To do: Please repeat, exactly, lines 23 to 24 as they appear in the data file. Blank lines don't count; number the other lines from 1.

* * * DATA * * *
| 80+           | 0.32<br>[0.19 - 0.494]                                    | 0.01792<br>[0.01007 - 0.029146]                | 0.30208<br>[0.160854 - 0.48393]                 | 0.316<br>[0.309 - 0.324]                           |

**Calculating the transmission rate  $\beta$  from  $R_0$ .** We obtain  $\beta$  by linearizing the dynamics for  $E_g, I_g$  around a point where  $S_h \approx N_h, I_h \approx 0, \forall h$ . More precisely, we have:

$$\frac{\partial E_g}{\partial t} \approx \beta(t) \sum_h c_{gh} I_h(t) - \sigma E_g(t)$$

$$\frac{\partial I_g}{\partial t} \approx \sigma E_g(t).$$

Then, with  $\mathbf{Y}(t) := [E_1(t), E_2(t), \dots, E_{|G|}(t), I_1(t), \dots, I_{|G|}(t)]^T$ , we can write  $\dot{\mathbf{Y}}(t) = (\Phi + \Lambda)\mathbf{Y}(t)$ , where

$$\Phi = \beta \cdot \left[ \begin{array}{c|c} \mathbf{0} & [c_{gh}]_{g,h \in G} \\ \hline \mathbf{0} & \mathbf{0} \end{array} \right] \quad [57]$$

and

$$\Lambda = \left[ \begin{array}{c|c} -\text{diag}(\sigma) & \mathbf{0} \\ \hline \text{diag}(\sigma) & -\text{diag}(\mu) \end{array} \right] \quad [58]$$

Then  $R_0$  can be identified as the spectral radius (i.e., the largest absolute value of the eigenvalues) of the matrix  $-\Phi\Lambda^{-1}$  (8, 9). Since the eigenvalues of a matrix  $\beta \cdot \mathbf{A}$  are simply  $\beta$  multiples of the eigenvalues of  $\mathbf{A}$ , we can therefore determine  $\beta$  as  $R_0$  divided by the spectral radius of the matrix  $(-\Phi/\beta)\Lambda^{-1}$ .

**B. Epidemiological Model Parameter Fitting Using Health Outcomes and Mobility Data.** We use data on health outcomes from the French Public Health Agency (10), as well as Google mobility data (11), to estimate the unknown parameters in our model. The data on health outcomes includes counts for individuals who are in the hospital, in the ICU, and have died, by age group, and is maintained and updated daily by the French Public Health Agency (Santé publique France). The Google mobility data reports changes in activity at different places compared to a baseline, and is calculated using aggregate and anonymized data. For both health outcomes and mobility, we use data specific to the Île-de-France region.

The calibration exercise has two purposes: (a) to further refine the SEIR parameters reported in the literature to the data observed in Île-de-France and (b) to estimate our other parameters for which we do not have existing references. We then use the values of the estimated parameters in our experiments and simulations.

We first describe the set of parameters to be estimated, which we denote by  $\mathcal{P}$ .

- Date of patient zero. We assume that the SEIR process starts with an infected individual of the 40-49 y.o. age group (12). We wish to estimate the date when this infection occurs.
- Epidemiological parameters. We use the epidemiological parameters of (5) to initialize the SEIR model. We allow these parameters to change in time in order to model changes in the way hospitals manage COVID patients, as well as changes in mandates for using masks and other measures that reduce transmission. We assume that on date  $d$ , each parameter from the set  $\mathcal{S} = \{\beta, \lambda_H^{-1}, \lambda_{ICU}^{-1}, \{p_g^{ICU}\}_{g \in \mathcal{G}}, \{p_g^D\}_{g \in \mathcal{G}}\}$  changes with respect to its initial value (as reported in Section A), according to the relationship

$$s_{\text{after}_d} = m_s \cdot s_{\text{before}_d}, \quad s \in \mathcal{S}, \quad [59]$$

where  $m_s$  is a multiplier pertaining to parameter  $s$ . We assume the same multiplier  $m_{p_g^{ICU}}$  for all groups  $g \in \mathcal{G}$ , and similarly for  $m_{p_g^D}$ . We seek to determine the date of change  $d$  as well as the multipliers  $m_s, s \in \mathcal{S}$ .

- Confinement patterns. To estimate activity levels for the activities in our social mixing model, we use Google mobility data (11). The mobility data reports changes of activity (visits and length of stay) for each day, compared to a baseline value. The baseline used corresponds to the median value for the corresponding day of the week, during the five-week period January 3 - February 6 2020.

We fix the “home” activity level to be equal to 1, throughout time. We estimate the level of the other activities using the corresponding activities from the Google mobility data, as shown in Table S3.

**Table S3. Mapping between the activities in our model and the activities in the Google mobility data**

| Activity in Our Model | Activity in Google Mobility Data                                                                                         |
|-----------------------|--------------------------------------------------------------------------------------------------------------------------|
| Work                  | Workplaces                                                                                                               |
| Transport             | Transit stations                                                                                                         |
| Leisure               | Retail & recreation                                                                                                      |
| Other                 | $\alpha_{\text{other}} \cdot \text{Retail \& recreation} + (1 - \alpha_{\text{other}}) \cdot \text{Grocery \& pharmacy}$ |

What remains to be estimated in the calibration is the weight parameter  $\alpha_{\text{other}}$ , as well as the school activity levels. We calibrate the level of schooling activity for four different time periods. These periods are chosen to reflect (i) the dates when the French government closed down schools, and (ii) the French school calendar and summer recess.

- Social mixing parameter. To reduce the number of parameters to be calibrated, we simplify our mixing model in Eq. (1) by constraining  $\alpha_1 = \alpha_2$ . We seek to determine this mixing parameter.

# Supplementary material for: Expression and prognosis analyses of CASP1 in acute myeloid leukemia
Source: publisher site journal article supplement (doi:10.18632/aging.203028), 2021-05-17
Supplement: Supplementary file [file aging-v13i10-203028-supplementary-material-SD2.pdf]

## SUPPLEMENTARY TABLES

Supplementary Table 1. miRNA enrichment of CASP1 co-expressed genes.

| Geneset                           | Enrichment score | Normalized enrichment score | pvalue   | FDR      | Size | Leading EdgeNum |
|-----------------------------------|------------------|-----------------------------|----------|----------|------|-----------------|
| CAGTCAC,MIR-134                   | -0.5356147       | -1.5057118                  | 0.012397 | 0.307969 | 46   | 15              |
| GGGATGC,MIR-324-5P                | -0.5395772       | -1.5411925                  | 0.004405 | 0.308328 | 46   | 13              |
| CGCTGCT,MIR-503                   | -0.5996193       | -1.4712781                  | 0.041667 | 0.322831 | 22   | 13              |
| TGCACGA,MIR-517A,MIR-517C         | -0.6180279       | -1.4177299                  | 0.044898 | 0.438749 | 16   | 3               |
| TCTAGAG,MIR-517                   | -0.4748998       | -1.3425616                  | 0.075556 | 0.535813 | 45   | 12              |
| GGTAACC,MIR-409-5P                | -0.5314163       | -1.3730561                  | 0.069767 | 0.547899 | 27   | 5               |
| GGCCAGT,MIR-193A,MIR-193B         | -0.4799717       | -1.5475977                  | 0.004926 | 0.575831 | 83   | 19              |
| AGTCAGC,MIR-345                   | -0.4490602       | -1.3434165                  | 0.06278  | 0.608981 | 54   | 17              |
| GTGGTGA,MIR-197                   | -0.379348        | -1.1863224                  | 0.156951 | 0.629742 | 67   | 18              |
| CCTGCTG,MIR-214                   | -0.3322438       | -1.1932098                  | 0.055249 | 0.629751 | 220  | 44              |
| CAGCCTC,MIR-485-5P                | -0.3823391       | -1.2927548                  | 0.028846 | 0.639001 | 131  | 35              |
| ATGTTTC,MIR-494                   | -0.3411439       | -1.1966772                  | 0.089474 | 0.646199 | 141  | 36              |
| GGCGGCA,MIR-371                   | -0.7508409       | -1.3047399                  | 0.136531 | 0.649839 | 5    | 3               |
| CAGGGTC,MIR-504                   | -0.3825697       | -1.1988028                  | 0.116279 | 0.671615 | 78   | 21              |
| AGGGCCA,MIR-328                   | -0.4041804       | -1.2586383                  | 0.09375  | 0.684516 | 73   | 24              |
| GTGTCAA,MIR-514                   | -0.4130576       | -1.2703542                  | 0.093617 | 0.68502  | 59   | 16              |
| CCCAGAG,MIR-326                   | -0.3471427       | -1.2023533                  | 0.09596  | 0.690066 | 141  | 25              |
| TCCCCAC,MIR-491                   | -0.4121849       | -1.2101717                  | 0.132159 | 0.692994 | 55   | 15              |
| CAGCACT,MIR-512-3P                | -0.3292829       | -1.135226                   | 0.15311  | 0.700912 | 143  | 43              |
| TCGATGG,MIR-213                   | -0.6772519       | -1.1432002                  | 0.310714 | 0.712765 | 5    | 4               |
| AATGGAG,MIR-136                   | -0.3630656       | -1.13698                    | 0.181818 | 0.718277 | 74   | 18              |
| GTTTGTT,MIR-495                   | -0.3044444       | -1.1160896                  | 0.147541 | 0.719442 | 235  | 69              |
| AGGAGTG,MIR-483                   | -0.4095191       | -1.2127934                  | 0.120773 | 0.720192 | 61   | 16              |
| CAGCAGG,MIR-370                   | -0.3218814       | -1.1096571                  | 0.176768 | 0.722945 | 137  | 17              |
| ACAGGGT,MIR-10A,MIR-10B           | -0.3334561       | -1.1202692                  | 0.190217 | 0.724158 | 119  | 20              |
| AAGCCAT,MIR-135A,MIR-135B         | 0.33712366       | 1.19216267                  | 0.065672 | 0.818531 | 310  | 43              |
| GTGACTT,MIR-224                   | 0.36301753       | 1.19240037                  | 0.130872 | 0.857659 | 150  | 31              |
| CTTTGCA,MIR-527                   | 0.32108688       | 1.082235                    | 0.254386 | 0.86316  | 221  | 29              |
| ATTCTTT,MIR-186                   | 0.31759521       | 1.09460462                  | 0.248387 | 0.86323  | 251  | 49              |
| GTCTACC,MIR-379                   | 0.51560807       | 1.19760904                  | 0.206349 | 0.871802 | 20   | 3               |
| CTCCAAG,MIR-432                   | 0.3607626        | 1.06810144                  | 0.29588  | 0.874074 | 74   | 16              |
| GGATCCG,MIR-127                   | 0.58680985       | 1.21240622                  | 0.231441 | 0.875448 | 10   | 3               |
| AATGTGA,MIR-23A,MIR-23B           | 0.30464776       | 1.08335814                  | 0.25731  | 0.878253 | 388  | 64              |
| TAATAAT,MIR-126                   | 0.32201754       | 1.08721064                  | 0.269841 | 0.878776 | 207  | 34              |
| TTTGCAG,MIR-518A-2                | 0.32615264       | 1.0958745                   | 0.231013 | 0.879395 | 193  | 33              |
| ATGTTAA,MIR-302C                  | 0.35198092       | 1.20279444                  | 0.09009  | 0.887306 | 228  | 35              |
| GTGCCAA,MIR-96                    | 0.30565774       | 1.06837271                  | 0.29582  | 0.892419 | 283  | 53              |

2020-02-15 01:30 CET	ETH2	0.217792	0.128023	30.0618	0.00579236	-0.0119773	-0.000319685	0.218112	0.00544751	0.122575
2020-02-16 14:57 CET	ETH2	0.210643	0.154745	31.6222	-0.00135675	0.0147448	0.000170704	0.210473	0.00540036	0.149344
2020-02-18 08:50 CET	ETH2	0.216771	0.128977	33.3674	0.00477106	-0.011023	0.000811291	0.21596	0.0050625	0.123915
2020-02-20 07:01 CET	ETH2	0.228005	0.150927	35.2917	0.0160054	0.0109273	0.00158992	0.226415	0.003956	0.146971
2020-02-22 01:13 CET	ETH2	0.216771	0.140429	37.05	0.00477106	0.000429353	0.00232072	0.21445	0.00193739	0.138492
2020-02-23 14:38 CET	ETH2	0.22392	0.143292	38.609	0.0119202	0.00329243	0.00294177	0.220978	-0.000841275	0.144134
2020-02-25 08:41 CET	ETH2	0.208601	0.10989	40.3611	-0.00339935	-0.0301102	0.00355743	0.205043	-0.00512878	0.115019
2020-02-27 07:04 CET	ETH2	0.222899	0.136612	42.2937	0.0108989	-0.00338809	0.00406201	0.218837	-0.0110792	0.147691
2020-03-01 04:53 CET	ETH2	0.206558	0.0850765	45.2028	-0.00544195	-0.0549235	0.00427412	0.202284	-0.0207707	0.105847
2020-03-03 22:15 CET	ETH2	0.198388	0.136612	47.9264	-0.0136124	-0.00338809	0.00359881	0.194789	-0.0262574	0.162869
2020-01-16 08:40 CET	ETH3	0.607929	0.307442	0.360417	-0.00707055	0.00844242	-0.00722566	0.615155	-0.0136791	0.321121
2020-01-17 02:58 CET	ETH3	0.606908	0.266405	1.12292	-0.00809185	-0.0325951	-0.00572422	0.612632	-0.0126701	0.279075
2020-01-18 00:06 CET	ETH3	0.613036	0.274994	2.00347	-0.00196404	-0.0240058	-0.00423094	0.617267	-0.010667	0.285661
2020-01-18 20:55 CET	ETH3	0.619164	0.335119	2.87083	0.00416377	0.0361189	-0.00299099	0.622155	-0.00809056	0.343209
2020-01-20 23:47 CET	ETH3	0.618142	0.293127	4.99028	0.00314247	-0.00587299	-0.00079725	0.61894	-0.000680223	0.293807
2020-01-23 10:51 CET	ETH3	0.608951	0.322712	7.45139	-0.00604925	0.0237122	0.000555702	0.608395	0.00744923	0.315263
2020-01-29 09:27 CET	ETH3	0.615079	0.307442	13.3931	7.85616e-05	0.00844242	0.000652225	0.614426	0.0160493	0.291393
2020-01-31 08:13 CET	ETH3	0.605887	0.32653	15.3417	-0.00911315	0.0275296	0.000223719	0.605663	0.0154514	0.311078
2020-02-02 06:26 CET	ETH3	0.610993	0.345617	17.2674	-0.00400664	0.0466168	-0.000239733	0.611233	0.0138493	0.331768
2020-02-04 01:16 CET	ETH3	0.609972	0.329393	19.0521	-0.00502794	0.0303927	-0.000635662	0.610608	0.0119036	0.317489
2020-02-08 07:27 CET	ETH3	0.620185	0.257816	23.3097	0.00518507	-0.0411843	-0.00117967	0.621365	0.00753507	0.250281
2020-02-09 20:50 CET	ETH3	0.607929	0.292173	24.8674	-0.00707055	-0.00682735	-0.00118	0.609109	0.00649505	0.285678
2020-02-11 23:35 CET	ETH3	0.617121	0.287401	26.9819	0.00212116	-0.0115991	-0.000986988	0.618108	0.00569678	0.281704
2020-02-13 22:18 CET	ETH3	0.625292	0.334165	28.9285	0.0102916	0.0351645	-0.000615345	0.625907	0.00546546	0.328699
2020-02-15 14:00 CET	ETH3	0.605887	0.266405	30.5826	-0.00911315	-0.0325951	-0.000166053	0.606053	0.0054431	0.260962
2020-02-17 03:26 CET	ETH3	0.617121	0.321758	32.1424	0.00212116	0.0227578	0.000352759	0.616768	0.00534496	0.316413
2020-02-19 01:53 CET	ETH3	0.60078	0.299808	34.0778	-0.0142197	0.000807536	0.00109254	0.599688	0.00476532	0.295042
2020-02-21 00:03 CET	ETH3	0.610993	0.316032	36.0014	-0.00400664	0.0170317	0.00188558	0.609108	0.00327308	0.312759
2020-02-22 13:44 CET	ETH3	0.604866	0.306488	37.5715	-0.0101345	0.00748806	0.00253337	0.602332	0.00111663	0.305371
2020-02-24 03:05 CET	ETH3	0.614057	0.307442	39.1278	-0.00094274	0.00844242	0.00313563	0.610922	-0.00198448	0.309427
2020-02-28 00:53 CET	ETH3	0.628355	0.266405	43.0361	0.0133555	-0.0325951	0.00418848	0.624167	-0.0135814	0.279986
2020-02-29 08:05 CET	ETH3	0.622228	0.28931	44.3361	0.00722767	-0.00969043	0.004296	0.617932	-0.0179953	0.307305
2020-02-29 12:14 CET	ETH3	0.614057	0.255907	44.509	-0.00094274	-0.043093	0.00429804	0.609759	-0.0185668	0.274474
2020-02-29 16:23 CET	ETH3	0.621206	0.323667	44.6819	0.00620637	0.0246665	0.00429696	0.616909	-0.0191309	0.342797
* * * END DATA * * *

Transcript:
| Transport             | Transit stations                                                                                                         |
| Leisure               | Retail & recreation                                                                                                      |